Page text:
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Statement

Remarks by Ann M. Veneman, UNICEF Executive Director: Security Council Open Debate on Children and Armed Conflict

AS PREPARED

New York, NY, 12 February 2008 

Mr. President, Honorable Ministers, distinguished delegates, good morning.  I am very pleased to join you today as the Security Council turns its attention once again to the situation of children affected by armed conflict.  UNICEF welcomes the Security Council’s ongoing concern with the grave violations against children in situations of armed conflict.

I commend my colleague, the Special Representative of the Secretary-General for Children and Armed Conflict, Radhika Coomaraswamy, for her work in helping to draw global attention to the impact on children in situations of armed conflict.

It is fitting that we gather today on the sixth anniversary of the entry into force of the Optional Protocol on the Involvement of Children in Armed Conflict to the Convention on the Rights of the Child. States which have not done so should be urged to sign, ratify and fully implement the Optional Protocol.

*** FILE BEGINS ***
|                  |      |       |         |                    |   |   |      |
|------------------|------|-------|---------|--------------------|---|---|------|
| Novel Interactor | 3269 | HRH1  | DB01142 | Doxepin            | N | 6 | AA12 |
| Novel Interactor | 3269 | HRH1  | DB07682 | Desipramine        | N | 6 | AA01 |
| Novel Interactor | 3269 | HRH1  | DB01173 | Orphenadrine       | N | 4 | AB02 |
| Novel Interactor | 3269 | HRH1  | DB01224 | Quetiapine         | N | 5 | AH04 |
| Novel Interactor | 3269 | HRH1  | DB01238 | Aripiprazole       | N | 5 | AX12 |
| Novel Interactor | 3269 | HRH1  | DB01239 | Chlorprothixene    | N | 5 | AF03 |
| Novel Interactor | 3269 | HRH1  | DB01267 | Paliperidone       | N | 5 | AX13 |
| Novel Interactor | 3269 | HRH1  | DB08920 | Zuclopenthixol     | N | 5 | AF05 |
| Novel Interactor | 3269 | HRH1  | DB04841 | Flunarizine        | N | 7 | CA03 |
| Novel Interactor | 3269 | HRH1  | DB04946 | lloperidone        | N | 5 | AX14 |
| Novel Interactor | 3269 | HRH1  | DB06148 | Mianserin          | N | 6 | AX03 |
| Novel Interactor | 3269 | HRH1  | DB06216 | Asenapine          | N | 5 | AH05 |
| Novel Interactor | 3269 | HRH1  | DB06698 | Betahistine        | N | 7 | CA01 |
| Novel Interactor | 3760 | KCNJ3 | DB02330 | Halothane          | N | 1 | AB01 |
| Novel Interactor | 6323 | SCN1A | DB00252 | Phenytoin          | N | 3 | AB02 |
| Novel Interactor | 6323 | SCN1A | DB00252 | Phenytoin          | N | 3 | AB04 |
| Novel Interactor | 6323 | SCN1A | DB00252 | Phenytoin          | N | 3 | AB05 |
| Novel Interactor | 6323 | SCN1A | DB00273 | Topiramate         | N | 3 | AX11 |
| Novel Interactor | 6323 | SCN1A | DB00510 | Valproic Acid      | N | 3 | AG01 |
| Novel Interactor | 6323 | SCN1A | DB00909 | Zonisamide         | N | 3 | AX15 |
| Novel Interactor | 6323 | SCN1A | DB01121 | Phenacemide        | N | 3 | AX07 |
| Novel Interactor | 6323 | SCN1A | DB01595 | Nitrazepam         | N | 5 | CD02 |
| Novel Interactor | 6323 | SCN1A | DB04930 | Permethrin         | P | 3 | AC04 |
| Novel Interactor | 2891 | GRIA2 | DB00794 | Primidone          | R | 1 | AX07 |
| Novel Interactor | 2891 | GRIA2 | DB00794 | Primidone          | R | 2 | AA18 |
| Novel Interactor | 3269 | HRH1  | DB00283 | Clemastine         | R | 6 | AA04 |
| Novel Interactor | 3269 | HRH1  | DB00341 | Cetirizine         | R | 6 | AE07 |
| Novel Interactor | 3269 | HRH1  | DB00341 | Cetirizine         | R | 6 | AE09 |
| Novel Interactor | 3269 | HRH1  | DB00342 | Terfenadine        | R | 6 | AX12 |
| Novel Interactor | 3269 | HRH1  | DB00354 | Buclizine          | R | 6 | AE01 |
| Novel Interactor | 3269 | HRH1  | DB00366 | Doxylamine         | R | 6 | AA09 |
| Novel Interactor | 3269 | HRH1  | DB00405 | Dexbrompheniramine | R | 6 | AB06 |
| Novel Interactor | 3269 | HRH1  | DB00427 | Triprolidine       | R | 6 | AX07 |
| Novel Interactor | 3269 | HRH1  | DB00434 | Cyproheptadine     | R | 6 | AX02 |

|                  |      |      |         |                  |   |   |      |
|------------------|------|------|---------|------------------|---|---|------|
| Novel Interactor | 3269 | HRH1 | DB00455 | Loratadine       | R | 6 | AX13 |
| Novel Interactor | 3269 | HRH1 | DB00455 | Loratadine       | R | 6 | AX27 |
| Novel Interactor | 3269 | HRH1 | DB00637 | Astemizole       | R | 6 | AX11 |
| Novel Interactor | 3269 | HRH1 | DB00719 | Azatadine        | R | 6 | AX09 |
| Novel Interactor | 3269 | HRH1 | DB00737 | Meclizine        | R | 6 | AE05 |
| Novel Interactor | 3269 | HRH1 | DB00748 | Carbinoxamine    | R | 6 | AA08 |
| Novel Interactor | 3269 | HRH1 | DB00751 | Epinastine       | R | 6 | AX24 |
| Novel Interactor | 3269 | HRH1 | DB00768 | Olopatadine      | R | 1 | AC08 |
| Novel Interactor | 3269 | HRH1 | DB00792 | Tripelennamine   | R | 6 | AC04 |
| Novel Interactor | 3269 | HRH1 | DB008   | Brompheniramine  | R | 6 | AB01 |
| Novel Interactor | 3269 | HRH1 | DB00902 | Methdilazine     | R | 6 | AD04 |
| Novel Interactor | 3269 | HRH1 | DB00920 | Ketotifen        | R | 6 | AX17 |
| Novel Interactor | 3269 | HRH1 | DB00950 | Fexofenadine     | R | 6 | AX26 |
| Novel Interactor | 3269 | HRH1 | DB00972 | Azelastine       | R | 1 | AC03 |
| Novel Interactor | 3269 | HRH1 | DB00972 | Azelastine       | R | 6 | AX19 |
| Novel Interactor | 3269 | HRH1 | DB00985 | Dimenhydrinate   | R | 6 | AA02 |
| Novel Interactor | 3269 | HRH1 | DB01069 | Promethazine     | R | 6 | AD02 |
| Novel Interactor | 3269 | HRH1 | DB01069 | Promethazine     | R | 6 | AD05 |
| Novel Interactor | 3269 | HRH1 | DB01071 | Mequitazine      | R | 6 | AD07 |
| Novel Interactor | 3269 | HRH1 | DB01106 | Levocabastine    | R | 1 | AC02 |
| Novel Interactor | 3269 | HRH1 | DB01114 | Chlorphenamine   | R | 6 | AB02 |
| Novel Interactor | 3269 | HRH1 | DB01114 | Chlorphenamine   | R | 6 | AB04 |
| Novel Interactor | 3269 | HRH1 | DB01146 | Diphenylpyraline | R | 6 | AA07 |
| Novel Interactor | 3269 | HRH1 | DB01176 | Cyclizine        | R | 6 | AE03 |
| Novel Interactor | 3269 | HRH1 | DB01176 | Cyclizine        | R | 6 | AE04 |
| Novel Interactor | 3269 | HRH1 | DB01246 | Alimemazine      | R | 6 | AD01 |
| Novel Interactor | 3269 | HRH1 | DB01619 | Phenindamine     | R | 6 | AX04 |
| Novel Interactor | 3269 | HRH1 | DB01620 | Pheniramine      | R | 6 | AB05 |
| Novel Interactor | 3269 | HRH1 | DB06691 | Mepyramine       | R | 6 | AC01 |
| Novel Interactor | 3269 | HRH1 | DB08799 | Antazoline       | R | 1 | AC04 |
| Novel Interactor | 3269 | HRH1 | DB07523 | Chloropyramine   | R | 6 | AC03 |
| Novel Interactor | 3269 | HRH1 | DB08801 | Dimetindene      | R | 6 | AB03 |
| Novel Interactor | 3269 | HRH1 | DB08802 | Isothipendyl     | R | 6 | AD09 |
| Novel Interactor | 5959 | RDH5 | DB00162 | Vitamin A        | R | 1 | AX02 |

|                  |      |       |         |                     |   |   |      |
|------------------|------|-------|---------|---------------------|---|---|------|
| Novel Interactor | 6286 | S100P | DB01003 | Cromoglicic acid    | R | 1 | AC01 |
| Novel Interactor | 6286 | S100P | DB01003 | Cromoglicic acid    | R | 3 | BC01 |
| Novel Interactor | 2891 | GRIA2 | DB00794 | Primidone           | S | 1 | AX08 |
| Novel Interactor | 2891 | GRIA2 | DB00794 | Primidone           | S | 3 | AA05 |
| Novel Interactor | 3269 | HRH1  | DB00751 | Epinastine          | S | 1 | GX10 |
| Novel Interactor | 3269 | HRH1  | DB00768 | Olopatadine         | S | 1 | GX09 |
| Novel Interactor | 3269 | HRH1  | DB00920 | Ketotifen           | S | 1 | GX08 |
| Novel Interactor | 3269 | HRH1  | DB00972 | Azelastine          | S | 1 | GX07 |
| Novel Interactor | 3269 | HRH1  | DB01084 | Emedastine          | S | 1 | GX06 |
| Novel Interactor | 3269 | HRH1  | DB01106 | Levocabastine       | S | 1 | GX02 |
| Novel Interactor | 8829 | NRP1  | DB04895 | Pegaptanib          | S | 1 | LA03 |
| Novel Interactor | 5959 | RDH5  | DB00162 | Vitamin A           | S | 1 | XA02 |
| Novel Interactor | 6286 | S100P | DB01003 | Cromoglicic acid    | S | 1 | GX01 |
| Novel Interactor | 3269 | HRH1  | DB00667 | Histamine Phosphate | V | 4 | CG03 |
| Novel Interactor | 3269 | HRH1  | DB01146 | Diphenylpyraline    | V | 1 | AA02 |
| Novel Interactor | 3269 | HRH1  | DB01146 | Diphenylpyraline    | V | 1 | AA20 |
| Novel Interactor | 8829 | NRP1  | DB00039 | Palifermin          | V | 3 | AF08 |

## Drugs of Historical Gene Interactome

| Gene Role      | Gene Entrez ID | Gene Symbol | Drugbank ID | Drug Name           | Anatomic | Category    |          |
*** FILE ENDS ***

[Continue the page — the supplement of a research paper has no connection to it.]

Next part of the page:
The Secretary-General’s report helps highlight the harsh reality of what children undergo in countries affected by armed conflict.  Children continue to suffer from the horrors of war.  Children often cope with trauma, violence, the loss of family, homes and community, and many have been killed or maimed even long after conflict has come to an end.

As highlighted in the Secretary-General’s report, children are all too often victims of indiscriminate weapons, such as cluster munitions.  Children must be protected from the effects of these and other indiscriminate weapons.